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Landmark Sound-Sleep Study Pinpoints Decibel Levels At Which Typical Hospital Sounds Are Too Loud For Sleep


 

Study includes findings and recommendations for designing hospital settings and protocols that reduce or eliminate noise, helping patients sleep better and aiding in their recovery.

 

CONCORD, CA (August 5, 2010)—Intravenous pump alarms and conversations between nurses are essential to hospital patient care, but they are also highly likely to keep patients from getting a good night’s sleep, according to a newly released, landmark study from The Center for Health Design (CHD).

 

Evidence-based design meets evidence-based medicine: The sound sleep study is the first study to identify decibel (dB) levels at which 14 typical hospital sounds are too loud for undisturbed sleep. The study’s results and recommendations are expected to drive innovation in design, construction, materials, equipment and care protocols to improve acoustics in healthcare environments, positively impacting medical outcomes and increasing safety.

 

The sound-sleep study was conducted by two Harvard researchers in Massachusetts General Hospital’s sleep laboratory. While participants slept, researchers played recordings of 14 different noises typically heard in a medical-surgical unit. Arousal information confirmed that at levels commonly experienced by patients, the selected hospital sounds significantly disrupted sleep.

 

For example, at the lowest sound level tested, 40 dB, intravenous alarm and phone signals aroused 88-94% of subjects; human voices aroused 70-75% of subjects; the sounds of an automatic towel dispenser, ice dispenser, door closing and toilet flushing aroused 35-73% of subjects.

 

Improving the acoustic environment

 

National surveys of hospital patients have shown that room noise levels received ratings that were worse than other quality of care indicators. Similarly, disrupted and/or limited sleep has been demonstrated to have adverse impacts on several important health measures and outcomes including blood pressure, weight gain, heart disease, pain, stress levels, and inflammation.

 

Getting a good night’s sleep contributes to higher patient satisfaction and aids in recovery, resulting in improved medical outcomes, shorter hospital stays and reduced costs.

 

The new sound-sleep study contributes to the growing effort of improving environments of care and related health outcomes. It contributes scientific evidence validating the provision of minimum acoustic standards recently established in the 2010 edition of the “Guidelines for Design and Construction of Health Care Facilities.’’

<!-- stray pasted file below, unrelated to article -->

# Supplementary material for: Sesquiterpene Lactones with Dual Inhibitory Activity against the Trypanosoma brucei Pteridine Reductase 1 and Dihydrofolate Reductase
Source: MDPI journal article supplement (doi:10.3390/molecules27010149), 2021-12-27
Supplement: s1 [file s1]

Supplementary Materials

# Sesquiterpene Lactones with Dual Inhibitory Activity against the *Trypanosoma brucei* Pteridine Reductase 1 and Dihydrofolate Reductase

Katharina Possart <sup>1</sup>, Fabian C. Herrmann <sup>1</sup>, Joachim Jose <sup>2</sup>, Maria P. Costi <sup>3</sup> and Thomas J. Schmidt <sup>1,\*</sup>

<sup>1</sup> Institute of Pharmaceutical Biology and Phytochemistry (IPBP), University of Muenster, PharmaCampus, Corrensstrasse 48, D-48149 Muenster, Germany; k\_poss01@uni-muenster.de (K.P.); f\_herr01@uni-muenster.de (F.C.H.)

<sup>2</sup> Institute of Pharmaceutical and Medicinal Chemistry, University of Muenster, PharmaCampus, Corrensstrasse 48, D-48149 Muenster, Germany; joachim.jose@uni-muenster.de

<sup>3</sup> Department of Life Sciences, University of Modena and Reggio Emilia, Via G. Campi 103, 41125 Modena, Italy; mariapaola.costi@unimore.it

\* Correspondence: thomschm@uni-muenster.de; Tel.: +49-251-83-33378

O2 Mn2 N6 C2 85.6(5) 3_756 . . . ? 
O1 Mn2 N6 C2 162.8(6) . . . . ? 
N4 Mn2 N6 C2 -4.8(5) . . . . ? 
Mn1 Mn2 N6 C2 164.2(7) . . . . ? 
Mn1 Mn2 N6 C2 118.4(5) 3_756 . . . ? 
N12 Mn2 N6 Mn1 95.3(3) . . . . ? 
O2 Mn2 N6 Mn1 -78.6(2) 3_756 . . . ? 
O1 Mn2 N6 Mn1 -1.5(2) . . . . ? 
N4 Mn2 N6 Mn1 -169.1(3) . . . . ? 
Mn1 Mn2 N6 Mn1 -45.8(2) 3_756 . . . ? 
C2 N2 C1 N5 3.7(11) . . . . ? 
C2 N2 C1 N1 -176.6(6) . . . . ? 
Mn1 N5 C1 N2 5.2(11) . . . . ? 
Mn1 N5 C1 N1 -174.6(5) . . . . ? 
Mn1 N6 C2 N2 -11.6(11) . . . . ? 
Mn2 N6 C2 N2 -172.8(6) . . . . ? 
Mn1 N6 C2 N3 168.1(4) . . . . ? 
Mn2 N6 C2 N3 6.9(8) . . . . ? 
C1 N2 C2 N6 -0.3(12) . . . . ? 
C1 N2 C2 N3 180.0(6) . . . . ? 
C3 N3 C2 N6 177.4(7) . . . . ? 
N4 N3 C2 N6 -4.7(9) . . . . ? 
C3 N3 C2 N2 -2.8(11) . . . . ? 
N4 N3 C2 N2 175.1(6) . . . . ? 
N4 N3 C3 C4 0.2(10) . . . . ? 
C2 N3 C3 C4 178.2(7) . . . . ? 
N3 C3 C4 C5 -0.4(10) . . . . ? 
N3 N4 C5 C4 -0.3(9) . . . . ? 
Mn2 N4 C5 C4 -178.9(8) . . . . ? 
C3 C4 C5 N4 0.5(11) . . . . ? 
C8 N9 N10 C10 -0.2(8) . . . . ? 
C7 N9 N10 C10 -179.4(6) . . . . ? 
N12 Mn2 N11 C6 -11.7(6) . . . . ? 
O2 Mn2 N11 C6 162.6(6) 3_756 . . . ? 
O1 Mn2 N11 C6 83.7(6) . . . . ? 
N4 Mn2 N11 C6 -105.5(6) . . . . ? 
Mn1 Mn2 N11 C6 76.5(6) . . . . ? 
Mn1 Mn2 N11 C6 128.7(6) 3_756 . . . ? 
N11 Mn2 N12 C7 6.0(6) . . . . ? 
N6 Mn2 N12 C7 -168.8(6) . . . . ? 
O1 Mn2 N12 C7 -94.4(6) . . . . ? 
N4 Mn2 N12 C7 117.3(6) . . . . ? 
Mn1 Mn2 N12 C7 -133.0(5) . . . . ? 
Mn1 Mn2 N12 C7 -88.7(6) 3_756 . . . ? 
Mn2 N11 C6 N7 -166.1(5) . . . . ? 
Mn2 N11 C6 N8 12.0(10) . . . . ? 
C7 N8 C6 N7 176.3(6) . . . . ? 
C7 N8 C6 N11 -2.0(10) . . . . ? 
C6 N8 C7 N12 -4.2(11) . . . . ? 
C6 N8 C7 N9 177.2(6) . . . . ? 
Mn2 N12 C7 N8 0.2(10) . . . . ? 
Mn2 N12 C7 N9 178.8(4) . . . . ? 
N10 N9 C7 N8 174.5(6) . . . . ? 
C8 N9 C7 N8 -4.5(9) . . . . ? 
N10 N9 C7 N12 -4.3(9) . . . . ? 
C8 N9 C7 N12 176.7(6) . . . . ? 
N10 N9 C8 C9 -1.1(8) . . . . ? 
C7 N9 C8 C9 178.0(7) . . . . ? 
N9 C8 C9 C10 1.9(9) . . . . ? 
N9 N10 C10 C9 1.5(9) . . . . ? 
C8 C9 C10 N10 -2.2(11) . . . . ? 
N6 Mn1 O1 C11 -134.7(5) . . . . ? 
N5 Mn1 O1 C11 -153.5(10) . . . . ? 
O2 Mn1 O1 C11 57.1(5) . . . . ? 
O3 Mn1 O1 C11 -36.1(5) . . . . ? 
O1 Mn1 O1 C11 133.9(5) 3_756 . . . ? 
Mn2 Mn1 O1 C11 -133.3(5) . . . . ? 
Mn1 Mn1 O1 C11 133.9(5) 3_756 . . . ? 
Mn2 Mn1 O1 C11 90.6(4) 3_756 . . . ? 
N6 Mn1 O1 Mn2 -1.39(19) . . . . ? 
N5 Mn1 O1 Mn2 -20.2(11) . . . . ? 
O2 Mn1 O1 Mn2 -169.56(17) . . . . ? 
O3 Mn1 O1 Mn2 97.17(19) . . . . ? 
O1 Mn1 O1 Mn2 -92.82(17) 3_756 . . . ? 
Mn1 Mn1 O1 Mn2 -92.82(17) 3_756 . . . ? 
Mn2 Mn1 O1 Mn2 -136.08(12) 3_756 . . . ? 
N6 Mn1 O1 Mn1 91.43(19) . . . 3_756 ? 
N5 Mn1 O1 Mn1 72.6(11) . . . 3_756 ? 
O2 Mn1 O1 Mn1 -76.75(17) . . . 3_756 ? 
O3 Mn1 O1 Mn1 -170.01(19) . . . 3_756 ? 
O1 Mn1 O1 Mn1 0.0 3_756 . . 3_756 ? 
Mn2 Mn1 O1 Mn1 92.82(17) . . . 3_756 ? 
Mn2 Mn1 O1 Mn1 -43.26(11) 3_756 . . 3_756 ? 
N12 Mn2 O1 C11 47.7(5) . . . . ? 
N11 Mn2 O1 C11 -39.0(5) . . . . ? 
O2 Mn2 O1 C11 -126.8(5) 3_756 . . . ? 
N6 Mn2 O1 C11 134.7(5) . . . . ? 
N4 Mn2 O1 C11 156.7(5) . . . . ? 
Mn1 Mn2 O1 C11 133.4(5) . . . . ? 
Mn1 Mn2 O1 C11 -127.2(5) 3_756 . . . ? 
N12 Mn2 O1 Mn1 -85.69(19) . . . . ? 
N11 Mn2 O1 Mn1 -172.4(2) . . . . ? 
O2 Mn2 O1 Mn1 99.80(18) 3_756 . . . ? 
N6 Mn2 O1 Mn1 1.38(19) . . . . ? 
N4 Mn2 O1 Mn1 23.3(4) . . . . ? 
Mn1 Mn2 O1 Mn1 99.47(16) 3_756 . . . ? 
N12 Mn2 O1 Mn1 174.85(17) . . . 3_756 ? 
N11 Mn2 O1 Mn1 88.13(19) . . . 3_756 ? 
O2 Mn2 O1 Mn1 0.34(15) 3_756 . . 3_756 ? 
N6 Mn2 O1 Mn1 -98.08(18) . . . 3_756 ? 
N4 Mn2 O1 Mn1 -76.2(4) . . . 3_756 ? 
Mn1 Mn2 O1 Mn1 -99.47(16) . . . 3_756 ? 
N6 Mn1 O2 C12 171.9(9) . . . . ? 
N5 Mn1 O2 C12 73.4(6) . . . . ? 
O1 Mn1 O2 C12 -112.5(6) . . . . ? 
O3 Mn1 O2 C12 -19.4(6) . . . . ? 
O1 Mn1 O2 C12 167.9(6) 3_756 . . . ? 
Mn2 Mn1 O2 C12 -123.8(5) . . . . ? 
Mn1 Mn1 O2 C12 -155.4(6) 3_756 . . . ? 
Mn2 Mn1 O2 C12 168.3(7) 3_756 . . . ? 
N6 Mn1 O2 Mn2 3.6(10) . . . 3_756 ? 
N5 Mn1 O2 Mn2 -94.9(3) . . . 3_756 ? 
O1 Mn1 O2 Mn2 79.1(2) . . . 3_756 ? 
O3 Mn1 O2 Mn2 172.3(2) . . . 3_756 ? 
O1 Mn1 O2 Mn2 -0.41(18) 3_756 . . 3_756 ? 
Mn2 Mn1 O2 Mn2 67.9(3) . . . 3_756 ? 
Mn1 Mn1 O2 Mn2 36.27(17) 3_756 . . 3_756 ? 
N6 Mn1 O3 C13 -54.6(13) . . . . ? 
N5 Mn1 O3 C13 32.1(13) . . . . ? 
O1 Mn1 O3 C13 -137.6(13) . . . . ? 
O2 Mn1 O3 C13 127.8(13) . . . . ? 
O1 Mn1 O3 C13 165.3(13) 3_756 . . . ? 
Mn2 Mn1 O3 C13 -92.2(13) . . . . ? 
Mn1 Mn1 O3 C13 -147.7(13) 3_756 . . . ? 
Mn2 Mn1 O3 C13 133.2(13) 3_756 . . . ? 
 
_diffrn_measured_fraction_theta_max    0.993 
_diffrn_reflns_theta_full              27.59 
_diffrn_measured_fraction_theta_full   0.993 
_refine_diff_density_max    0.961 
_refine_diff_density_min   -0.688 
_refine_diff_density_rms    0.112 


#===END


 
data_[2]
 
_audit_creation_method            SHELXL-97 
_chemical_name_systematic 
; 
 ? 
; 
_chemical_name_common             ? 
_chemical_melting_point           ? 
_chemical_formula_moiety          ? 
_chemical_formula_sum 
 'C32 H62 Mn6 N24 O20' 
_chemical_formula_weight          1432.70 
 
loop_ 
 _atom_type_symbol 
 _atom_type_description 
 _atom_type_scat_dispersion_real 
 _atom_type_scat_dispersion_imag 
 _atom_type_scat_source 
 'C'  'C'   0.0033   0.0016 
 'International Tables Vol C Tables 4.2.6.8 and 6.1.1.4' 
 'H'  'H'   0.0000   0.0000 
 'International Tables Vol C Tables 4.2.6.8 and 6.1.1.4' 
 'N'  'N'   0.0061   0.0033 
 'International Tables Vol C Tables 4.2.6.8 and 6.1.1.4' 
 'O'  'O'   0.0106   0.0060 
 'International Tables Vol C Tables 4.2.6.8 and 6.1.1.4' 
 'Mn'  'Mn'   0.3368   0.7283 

Sponsored by CHD through its Research Coalition, Facilities Guidelines Institute, and Academy of Architecture for Health Foundation, the study's principal investigators included Jo M. Solet, PhD, Orfeu M. Buxton, PhD and Jeffrey M. Ellenbogen, MD, all from Harvard Medical School, Division of Sleep Medicine.

 

“The new sleep-sound study provides valuable knowledge to the growing field of evidence-based design,” says Debra Levin, president and chief executive officer, CHD. “The report is a valuable tool for designers who are working to improve the quality of healthcare environments. We look forward to seeing the findings of this study utilized in the field.”

 

“This is one the most exciting studies looking at the impact of hospital sounds on patient well-being,” adds Paul Barach, co-chair of CHD’s Research Coalition. “This is an important and new frontier that promises to enrich our understanding of how external factors, including the sounds and vibrations in healthcare facilities, can improve the quality of care that healthcare delivers.”

 

“Evidence-based design meets evidence-based medicine: The sound sleep study” is available by free download from CHD’s online store: store.healthdesign.org, under White Papers & Reports.

 

“Guidelines for Design and Construction of Health Care Facilities” is available from Facility Guidelines Institute:www.fgiguidelines.org/2010guidelines.html.

 

About The Center for Health Design

The Center for Health Design (CHD) formed in 1993, is a nonprofit research, education and advocacy organization of forward-thinking healthcare, elder care, design and construction professionals and product manufacturers who are leading the quest to improve the quality of healthcare facilities and create new environments for healthy aging. The CHD Research Coalition promotes the dissemination of research that contributes to therapeutic, safe, efficient and effective healthcare settings. The group also strives to support projects that fill critical gaps in the field of evidence-based design (EBD) while growing the network of researchers engaged in EBD by rewarding funds to select EBD research projects. For more information, visitwww.healthdesign.org.

 

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date
Thu, 08/05/2010